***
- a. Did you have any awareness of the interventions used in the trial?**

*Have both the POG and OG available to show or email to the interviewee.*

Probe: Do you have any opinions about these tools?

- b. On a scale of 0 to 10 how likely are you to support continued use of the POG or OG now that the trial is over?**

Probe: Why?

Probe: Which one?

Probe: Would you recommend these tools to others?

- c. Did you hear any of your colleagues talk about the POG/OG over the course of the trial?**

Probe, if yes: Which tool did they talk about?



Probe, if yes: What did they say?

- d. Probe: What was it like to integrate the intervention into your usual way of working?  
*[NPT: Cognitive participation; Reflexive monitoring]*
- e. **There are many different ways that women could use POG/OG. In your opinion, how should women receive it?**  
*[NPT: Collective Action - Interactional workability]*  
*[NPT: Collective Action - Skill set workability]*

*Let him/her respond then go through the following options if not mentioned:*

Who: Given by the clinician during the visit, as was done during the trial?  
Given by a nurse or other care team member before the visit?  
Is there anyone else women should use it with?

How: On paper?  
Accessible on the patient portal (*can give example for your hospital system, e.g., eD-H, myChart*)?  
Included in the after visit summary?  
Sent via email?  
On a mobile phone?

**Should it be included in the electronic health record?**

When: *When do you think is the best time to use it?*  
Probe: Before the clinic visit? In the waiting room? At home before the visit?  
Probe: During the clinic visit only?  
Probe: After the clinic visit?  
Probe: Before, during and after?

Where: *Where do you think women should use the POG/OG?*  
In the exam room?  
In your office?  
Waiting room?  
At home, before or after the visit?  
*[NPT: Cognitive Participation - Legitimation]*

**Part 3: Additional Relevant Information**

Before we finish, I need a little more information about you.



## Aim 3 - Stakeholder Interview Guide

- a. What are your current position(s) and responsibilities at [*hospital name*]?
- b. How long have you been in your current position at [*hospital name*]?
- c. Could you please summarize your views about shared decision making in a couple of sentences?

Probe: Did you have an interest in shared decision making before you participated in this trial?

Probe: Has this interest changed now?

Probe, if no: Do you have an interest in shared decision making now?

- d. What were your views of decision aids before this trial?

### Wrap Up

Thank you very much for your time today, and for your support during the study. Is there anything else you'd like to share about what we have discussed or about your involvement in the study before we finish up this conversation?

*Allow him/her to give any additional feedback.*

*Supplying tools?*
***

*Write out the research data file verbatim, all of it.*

- a. Did you have any awareness of the interventions used in the trial?**

*Have both the POG and OG available to show or email to the interviewee.*

Probe: Do you have any opinions about these tools?

- b. On a scale of 0 to 10 how likely are you to support continued use of the POG or OG now that the trial is over?**

Probe: Why?

Probe: Which one?

Probe: Would you recommend these tools to others?

- c. Did you hear any of your colleagues talk about the POG/OG over the course of the trial?**

Probe, if yes: Which tool did they talk about?



Probe, if yes: What did they say?

- d. Probe: What was it like to integrate the intervention into your usual way of working?  
*[NPT: Cognitive participation; Reflexive monitoring]*
- e. **There are many different ways that women could use POG/OG. In your opinion, how should women receive it?**  
*[NPT: Collective Action - Interactional workability]*  
*[NPT: Collective Action - Skill set workability]*

*Let him/her respond then go through the following options if not mentioned:*

Who: Given by the clinician during the visit, as was done during the trial?  
Given by a nurse or other care team member before the visit?  
Is there anyone else women should use it with?

How: On paper?  
Accessible on the patient portal (*can give example for your hospital system, e.g., eD-H, myChart*)?  
Included in the after visit summary?  
Sent via email?  
On a mobile phone?

**Should it be included in the electronic health record?**

When: *When do you think is the best time to use it?*  
Probe: Before the clinic visit? In the waiting room? At home before the visit?  
Probe: During the clinic visit only?  
Probe: After the clinic visit?  
Probe: Before, during and after?

Where: *Where do you think women should use the POG/OG?*  
In the exam room?  
In your office?  
Waiting room?  
At home, before or after the visit?  
*[NPT: Cognitive Participation - Legitimation]*

**Part 3: Additional Relevant Information**

Before we finish, I need a little more information about you.



## Aim 3 - Stakeholder Interview Guide

- a. What are your current position(s) and responsibilities at [*hospital name*]?
- b. How long have you been in your current position at [*hospital name*]?
- c. Could you please summarize your views about shared decision making in a couple of sentences?

Probe: Did you have an interest in shared decision making before you participated in this trial?

Probe: Has this interest changed now?

Probe, if no: Do you have an interest in shared decision making now?

- d. What were your views of decision aids before this trial?

### Wrap Up

Thank you very much for your time today, and for your support during the study. Is there anything else you'd like to share about what we have discussed or about your involvement in the study before we finish up this conversation?

*Allow him/her to give any additional feedback.*

*Supplying tools?*